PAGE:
First, the magnitude. In order to grasp the current situation of world Christianity concretely, consider what went on last Sunday. More Roman Catholics attended church in the Philippines than in any single country of Europe. In China, where in 1970 there were no legally functioning churches at all, more believers probably gathered for worship than in all of so-called “Christian Europe.” And in Europe (as reported by Philip Jenkins) the church with the largest attendance last Sunday was in Kiev, and it is a church of Nigerian Pentecostals. Last Sunday, more Anglicans attended church in each of Kenya, South Africa, Tanzania, and Uganda than did Anglicans in Britain and Canada and Episcopalians in the U.S. combined. And several times more Anglicans attended church in Nigeria than in these other African countries. In Korea, where a century ago there existed only a bare handful of Christian believers, more people attended the Yoido Full Gospel Church in Seoul than all of the churches in significant American denominations like the Christian Reformed Church. In the United States, Roman Catholic mass was said in more languages than ever in American history. Last Sunday many of the churches with the largest congregations in England and France were filled with African or Caribbean faces. As a final indication of global trends, as of 1999 the largest chapter of the Jesuits was in India, and not as in the United States as had been the case for many decades before.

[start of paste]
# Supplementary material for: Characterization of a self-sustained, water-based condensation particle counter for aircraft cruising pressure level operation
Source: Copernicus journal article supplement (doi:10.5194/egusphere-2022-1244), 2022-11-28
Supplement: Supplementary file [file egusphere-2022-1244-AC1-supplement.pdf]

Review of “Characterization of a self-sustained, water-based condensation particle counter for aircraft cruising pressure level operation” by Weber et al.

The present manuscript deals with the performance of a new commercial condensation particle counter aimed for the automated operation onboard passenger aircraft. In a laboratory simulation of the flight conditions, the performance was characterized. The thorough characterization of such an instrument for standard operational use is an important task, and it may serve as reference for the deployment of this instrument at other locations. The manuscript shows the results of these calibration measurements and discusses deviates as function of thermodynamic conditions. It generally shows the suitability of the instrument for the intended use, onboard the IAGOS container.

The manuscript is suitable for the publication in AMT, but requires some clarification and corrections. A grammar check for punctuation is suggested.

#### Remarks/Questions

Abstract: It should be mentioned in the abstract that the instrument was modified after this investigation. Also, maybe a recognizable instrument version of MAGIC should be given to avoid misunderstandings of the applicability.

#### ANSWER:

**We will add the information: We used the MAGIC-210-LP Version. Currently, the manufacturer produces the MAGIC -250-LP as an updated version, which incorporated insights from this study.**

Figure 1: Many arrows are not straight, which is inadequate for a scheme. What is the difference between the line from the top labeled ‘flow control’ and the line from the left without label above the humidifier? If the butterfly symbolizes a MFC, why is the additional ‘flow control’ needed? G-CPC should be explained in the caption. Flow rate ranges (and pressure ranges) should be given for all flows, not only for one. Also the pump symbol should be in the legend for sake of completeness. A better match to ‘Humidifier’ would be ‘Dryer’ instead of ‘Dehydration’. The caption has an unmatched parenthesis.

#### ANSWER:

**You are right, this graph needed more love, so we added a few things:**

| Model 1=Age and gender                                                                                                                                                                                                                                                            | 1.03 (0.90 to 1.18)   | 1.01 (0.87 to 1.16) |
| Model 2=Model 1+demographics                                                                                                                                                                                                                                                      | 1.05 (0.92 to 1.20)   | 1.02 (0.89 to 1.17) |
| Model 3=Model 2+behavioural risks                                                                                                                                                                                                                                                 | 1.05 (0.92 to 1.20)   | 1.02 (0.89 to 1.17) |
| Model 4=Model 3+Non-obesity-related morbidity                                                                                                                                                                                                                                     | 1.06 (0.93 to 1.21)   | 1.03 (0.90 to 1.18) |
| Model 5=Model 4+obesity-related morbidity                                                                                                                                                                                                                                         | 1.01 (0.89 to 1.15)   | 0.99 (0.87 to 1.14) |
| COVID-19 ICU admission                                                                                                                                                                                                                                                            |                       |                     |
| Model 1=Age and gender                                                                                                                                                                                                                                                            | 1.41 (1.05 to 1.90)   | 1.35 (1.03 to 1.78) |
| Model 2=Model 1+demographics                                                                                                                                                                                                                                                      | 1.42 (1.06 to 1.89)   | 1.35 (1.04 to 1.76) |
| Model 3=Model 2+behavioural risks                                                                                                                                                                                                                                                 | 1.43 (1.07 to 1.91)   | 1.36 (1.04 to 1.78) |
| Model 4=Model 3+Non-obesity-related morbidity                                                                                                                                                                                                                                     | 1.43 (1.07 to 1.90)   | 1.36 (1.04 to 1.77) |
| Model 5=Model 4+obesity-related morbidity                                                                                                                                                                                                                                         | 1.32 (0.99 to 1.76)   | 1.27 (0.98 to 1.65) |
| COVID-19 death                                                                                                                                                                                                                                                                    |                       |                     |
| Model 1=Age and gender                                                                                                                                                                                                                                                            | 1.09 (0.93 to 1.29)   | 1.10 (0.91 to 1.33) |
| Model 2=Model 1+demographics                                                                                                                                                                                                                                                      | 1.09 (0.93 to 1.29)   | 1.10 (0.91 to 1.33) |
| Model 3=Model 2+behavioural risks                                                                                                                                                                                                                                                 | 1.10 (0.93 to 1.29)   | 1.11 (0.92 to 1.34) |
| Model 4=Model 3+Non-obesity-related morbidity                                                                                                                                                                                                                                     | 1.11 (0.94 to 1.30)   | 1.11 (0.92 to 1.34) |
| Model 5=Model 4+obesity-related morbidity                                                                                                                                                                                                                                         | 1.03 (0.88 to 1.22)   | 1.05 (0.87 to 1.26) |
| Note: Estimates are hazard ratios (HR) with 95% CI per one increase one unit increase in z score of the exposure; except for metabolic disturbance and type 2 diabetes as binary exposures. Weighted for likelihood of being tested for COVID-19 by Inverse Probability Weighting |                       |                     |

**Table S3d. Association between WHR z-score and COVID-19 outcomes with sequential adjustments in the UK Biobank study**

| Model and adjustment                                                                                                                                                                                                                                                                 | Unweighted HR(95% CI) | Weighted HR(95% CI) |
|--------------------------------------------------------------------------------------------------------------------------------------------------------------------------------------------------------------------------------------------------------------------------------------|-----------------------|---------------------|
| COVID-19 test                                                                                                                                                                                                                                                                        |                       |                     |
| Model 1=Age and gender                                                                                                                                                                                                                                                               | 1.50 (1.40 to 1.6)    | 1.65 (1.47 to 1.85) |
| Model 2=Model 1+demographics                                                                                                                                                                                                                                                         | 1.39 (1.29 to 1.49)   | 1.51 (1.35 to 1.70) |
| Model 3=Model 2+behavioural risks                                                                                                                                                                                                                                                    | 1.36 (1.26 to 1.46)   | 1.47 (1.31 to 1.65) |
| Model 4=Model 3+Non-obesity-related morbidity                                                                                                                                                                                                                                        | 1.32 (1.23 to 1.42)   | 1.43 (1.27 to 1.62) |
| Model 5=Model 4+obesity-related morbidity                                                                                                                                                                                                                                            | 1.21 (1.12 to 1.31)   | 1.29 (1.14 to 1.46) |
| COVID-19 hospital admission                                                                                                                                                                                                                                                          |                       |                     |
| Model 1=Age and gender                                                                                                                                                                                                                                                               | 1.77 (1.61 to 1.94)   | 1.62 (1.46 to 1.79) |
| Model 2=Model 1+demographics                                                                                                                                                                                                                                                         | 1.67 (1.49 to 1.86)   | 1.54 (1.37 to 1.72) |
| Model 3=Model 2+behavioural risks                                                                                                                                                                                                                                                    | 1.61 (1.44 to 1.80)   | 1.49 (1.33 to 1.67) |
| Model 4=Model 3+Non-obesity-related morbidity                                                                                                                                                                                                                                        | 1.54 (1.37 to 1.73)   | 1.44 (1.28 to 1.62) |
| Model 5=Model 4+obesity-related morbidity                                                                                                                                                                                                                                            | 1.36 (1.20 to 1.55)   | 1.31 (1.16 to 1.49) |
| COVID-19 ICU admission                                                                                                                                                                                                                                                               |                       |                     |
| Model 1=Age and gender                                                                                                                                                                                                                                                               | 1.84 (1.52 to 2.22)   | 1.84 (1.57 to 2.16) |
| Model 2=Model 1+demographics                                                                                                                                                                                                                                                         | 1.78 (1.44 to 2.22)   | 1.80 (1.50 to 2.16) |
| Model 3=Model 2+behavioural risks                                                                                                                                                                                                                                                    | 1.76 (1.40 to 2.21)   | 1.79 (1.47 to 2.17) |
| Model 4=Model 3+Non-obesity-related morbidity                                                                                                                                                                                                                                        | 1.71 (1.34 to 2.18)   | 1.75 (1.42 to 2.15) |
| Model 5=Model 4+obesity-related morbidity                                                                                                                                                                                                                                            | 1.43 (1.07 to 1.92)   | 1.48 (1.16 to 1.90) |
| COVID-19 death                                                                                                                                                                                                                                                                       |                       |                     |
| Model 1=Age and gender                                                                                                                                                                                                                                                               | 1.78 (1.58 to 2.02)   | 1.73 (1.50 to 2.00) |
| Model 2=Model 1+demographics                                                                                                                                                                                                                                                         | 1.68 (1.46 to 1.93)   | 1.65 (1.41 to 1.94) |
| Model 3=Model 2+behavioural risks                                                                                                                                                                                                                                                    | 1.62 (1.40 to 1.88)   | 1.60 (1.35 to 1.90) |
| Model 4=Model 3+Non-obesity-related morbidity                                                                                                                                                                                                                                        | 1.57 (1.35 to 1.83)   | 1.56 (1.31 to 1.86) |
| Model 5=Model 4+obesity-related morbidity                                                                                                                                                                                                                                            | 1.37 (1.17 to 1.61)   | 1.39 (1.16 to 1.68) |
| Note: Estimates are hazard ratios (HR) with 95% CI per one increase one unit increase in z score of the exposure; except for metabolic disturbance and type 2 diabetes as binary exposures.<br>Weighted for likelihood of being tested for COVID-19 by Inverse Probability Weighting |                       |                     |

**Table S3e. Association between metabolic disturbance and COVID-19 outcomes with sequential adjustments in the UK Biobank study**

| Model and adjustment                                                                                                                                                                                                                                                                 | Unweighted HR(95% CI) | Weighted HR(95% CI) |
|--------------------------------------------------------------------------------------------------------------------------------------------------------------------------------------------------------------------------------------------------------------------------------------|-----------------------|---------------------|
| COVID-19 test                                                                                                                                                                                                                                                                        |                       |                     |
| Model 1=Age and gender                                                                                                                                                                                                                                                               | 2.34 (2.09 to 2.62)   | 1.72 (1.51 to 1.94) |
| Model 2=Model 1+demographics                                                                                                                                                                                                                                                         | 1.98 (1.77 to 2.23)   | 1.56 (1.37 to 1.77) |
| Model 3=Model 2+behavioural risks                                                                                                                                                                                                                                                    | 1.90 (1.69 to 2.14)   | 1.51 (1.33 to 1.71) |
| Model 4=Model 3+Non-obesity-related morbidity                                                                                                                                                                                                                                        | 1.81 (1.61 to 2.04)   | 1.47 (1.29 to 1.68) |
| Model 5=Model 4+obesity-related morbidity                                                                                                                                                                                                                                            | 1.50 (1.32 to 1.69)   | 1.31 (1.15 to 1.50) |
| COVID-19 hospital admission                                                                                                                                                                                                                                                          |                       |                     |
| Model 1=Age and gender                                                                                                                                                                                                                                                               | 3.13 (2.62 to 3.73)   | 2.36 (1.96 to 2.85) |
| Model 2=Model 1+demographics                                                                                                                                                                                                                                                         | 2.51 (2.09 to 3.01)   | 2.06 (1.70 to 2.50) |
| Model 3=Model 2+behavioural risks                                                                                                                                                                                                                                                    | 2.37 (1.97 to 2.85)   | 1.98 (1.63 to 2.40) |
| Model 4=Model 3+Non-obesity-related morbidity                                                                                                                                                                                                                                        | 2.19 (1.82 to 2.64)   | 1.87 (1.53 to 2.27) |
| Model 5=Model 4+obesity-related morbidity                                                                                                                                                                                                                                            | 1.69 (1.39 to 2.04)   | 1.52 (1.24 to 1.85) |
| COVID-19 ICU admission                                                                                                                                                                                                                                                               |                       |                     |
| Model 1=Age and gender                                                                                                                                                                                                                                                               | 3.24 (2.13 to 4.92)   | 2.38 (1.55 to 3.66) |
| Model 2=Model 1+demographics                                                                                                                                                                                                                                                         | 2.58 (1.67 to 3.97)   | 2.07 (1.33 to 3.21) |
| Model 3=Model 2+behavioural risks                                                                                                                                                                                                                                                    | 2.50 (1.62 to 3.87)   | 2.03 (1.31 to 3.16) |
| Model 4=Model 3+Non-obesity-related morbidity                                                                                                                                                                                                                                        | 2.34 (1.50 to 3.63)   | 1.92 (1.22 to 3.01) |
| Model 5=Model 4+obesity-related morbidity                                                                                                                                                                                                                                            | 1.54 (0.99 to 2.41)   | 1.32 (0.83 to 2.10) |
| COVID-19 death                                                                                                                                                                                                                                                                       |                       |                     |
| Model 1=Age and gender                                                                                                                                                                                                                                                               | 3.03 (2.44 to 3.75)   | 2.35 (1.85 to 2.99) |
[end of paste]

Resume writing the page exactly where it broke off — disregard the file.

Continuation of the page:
In a word, the world Christian situation is not what it was when your grandparents were born, or even when you were born.
March 13, 2009
This Ain't Your Momma's Christianity...
Merehope posts up some interesting research from church historian, Mark Noll: